Economic Damages for Personal Injuries

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July 21, 2009

Impairment of Earning Capacity

One who has been injured through another's fault and whose earning capacity has been impaired by the injury is entitled to recover damages for the loss sustained by reason of such impairment.[1] The essential question is whether the plaintiff's capacity to earn was hurt.[2] If it was, he is entitled to damages for any loss, past or future, attributable with reasonable probability to the impairment in his earning capacity.[3] It is not of controlling significance that a plaintiff was not receiving wages for his services at the time of the injury, but rather a share of the net profits of a business.[4] Recovery of damages for loss of earning capacity is not merely a recovery for lost wages.[5] Salary or wages earned at the time of the injury are merely evidential facts, relevant but not conclusive, in the inquiry as to the pecuniary value of the impairment of earning capacity which an injured person has sustained.[6]

In the Lashin case[7], the services of the plaintiff wife were rendered in the prosecution of a business of which she was a part owner and from which she derived income in the form of a share. The Connecticut Supreme Court held that in such a situation, the value of her earning capacity is to be measured by the value of the services she contributed to the business.[8] It was further determined that she made no claim that her services were of a special or peculiar nature and, therefore, her damages for loss of earning capacity could be determined by the market value of the services which she was prevented from contributing, i.e., the amount commonly paid for such services in businesses of like nature.[9]

The Connecticut Supreme Court has deemed loss of earnings as special damages and the defendant is entitled to notice of them by a special allegation.[10]

Under the collateral source rule, the Connecticut cases uniformly deny the defendant credit for the plaintiff's continued salary payments from his employer during disability.[11] The cases make the distinction that the loss being compensated is "earning capacity," not actual wages and, therefore, whether or not the plaintiff in fact received his salary during his disability is not material.[12] However, any payments that go toward medical, dental, or hospital costs through insurance coverage and/or through a contract with a group, partnership, corporation, or organization will be considered collateral sources that must be deducted from the amount of economic damages.[13] This is so, whether or not the plaintiff purchased these benefits or whether they were provided by others.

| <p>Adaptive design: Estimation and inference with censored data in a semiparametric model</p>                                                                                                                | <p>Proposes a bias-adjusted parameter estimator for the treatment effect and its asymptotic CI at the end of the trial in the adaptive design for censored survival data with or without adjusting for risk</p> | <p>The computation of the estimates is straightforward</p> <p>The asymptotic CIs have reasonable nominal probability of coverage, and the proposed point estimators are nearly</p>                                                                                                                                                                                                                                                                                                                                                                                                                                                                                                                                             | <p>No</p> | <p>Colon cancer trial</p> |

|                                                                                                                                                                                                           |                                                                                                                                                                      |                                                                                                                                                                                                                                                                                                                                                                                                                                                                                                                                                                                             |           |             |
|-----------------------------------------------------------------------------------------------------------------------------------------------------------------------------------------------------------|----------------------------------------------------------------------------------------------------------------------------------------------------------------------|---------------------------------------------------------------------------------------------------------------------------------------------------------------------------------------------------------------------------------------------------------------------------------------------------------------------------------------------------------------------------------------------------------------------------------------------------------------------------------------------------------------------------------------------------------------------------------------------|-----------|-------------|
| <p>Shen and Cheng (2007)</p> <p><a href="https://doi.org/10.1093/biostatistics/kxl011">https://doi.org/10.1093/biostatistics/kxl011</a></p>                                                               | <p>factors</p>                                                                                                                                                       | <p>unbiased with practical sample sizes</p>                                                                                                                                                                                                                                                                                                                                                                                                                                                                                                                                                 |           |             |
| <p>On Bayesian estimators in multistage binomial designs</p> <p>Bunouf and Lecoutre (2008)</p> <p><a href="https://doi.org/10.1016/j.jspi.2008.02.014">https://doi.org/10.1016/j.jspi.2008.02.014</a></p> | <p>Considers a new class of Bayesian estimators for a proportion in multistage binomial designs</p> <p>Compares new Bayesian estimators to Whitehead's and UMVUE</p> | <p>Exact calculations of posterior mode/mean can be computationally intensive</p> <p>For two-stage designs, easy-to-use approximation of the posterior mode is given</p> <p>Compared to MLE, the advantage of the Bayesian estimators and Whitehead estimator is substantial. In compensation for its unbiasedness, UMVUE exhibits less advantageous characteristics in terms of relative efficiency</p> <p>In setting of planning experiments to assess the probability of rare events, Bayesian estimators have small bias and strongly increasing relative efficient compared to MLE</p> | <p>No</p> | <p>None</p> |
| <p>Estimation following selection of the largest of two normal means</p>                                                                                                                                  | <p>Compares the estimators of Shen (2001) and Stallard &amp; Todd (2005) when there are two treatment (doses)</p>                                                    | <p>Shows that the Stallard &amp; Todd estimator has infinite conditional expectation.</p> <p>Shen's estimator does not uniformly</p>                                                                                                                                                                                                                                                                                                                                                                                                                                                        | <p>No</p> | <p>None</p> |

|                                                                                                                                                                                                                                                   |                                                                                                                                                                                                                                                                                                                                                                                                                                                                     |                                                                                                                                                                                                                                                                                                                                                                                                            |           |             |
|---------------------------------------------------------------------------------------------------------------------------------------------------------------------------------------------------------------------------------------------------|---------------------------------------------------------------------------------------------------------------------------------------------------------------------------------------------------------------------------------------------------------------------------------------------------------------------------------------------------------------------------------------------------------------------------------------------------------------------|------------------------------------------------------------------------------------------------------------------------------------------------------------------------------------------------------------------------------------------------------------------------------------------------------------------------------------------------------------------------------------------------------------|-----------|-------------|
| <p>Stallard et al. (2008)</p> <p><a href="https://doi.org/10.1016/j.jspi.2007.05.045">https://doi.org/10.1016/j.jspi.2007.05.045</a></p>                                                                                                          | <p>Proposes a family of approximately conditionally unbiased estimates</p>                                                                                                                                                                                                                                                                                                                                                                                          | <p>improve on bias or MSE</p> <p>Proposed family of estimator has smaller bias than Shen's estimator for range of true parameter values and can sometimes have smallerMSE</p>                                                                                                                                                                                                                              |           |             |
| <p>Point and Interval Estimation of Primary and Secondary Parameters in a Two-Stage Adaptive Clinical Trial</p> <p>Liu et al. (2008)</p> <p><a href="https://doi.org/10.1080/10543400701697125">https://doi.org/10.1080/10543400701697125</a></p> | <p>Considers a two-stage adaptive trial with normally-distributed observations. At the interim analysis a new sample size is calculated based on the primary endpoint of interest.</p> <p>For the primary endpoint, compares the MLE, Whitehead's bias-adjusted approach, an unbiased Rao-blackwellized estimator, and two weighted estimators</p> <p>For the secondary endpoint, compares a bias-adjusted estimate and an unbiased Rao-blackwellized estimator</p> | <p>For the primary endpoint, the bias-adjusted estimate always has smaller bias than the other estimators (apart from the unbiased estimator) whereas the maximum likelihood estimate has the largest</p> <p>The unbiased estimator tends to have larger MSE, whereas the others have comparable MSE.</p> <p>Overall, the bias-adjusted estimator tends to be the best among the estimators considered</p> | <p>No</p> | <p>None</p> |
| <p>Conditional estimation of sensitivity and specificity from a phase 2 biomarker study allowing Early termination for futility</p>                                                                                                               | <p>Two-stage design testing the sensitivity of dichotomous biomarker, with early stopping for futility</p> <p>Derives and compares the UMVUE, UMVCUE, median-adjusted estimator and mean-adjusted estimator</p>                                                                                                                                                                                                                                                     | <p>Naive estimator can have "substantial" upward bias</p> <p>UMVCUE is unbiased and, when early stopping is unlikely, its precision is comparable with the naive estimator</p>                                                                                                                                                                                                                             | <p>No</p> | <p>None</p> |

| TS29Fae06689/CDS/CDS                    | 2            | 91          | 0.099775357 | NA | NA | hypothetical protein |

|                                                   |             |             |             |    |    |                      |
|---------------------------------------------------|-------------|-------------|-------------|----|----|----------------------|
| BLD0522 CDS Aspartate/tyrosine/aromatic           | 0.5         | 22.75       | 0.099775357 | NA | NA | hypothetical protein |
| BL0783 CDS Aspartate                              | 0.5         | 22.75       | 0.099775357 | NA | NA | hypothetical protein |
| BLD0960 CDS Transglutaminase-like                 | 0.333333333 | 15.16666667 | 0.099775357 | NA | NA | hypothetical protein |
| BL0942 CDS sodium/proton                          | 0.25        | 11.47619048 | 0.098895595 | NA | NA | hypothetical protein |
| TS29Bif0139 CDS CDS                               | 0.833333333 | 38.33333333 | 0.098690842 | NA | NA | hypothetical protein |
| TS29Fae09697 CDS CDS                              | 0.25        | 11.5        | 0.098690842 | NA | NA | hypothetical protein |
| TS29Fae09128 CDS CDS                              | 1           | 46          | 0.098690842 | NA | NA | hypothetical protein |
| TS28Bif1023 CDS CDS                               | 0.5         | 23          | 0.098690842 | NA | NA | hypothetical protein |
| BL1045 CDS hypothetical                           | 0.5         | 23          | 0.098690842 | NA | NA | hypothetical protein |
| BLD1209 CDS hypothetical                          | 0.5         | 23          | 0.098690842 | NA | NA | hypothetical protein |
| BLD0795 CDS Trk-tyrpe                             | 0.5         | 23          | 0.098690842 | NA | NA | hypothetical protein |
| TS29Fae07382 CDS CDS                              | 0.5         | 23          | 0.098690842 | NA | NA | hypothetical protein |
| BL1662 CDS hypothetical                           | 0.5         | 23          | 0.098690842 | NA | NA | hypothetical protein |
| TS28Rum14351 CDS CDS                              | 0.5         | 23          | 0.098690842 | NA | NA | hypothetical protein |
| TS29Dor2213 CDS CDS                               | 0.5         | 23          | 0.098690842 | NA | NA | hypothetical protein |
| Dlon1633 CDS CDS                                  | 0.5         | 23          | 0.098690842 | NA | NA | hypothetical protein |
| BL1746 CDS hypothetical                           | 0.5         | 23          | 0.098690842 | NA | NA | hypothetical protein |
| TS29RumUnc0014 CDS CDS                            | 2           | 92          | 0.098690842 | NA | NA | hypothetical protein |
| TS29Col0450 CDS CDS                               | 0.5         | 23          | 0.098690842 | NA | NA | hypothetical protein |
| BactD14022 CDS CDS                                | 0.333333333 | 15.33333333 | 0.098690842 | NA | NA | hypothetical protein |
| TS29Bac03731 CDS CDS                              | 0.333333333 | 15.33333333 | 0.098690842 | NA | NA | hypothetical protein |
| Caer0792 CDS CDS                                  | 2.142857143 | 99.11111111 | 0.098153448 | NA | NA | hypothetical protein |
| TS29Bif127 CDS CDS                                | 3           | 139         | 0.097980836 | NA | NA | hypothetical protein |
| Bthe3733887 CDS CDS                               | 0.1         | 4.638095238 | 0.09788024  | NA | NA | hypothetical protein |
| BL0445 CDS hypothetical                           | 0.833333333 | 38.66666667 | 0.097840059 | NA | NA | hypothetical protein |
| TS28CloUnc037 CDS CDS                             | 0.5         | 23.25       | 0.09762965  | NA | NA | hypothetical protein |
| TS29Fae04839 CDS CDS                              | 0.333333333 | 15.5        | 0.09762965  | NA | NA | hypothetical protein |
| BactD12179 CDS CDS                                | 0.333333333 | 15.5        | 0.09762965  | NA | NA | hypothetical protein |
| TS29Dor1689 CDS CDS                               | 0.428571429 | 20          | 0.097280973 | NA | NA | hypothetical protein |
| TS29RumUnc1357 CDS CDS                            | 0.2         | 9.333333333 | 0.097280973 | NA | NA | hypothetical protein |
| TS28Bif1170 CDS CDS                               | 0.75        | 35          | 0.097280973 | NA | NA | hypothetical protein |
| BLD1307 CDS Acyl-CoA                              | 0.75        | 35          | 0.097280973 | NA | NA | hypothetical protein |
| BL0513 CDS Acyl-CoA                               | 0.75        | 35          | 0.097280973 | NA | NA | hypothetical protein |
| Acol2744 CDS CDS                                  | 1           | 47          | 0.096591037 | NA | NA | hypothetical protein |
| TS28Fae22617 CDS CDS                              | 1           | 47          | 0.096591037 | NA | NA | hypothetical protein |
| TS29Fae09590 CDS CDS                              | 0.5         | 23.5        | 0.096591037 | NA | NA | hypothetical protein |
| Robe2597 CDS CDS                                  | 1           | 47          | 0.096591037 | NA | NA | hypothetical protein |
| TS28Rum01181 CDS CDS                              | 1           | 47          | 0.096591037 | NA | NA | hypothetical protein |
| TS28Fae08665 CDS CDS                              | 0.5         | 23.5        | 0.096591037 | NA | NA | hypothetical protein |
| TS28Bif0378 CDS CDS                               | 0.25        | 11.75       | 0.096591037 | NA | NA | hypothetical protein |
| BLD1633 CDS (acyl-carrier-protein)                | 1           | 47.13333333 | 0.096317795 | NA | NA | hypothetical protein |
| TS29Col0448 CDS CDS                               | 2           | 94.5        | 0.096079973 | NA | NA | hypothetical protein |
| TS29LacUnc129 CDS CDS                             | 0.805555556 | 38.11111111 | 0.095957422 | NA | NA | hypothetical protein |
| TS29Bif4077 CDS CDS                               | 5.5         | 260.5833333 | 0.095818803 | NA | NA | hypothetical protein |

In order to maximize economic damages, future medical expenses may also be claimed.[14] It is not speculation or conjecture to calculate future medical expenses based upon the history of medical expenses that have accrued as of the trial date, particularly when there is also a degree of medical certainty that future medical expenses will be necessary. Future medical expenses do not require the same degree of certainty as past medical expenses. Where the doctor testifies that the injured party might need future treatment and the injured party testifies he still suffers pain, that testimony is sufficient for consideration of the element of future medical expense.[15]

In demonstrating an injured party's impairment of earning capacity, consideration should be given by trial counsel to the following:[16]

a. Age of injured party;

b. Previous employment;

c. Usual occupation;

d. Experience and training, including all formal education;

e. Highest position attained;

f. Opportunities for promotion;

g. Total basic wages for reasonable period prior to injury;

h. Amount of commissions and customers obtained;

i. Number of commissions and customers obtained;

j. Total amount of commissions during typical period;

k. Amount and basis of bonus payments;

l. Availability of overtime work;

m. Secondary occupations (the second job);

n. Eligibility for sick leave and vacations;

o. Availability of retirement plan;

p. Loss of income, from any source, as directly traceable to injuries; and

q. Inability to ever recover this loss.

[1] Mihalek v. Cichowski, 4 Conn. App. 484 (1985).

[2] Lashin v. Corcoran, 146 Conn. 512, 514 (1959). Note that where the evidence of diminished earning capacity is merely speculative, claims should not be submitted to the jury. See Bombero v. Marchionne, 11 Conn. App. 485 (1987) (trial court refused to charge the jury with a diminished earnings claim where the evidence indicated that the plaintiff was making more money after the accident and was practicing the profession he was trained in).

[3] Parkins v. United States, 842 F. Supp. 617 (D. Conn. 1993).

[4] Lashin v. Corcoran, 146 Conn. 512, 514 (1959).

[5] Eisenbach v. Downey, 45 Conn. App. 165 (1997) (defining future lost wages as "time away from one's work due to sickness or doctor or therapy appointments and the like that may cause one to lose some earnings").

[6] Delott v. Roraback, 179 Conn. 406 (1980) (holding that an instruction regarding loss of earning capacity with respect to the plaintiff's sales business was proper, even though plaintiff's income tax returns showed a net loss for his business during and following the year of the accident).

[7] Lashin v. Corcoran, 146 Conn. 512, 514 (1959).

[8] Lashin v. Corcoran, 146 Conn. 512, 515 (1959).

[9] Berndston v. Annino, 177 Conn. 41 (1979).

[10] Varley v. Motyl, 139 Conn. 128, 134 (1952).

[11] Hammer v. Mount Sinai Hosp., 25 Conn. App. 702 (1991).

[12] Lashin v. Corcoran, 146 Conn. 512, 515 (1959); 1 Conn. L. Rev. 93, 106 (1968).

[13] Conn. Gen. Stat. §§ 52-225a, 52-225b. Note that life insurance is excluded from collateral sources in § 52-225b.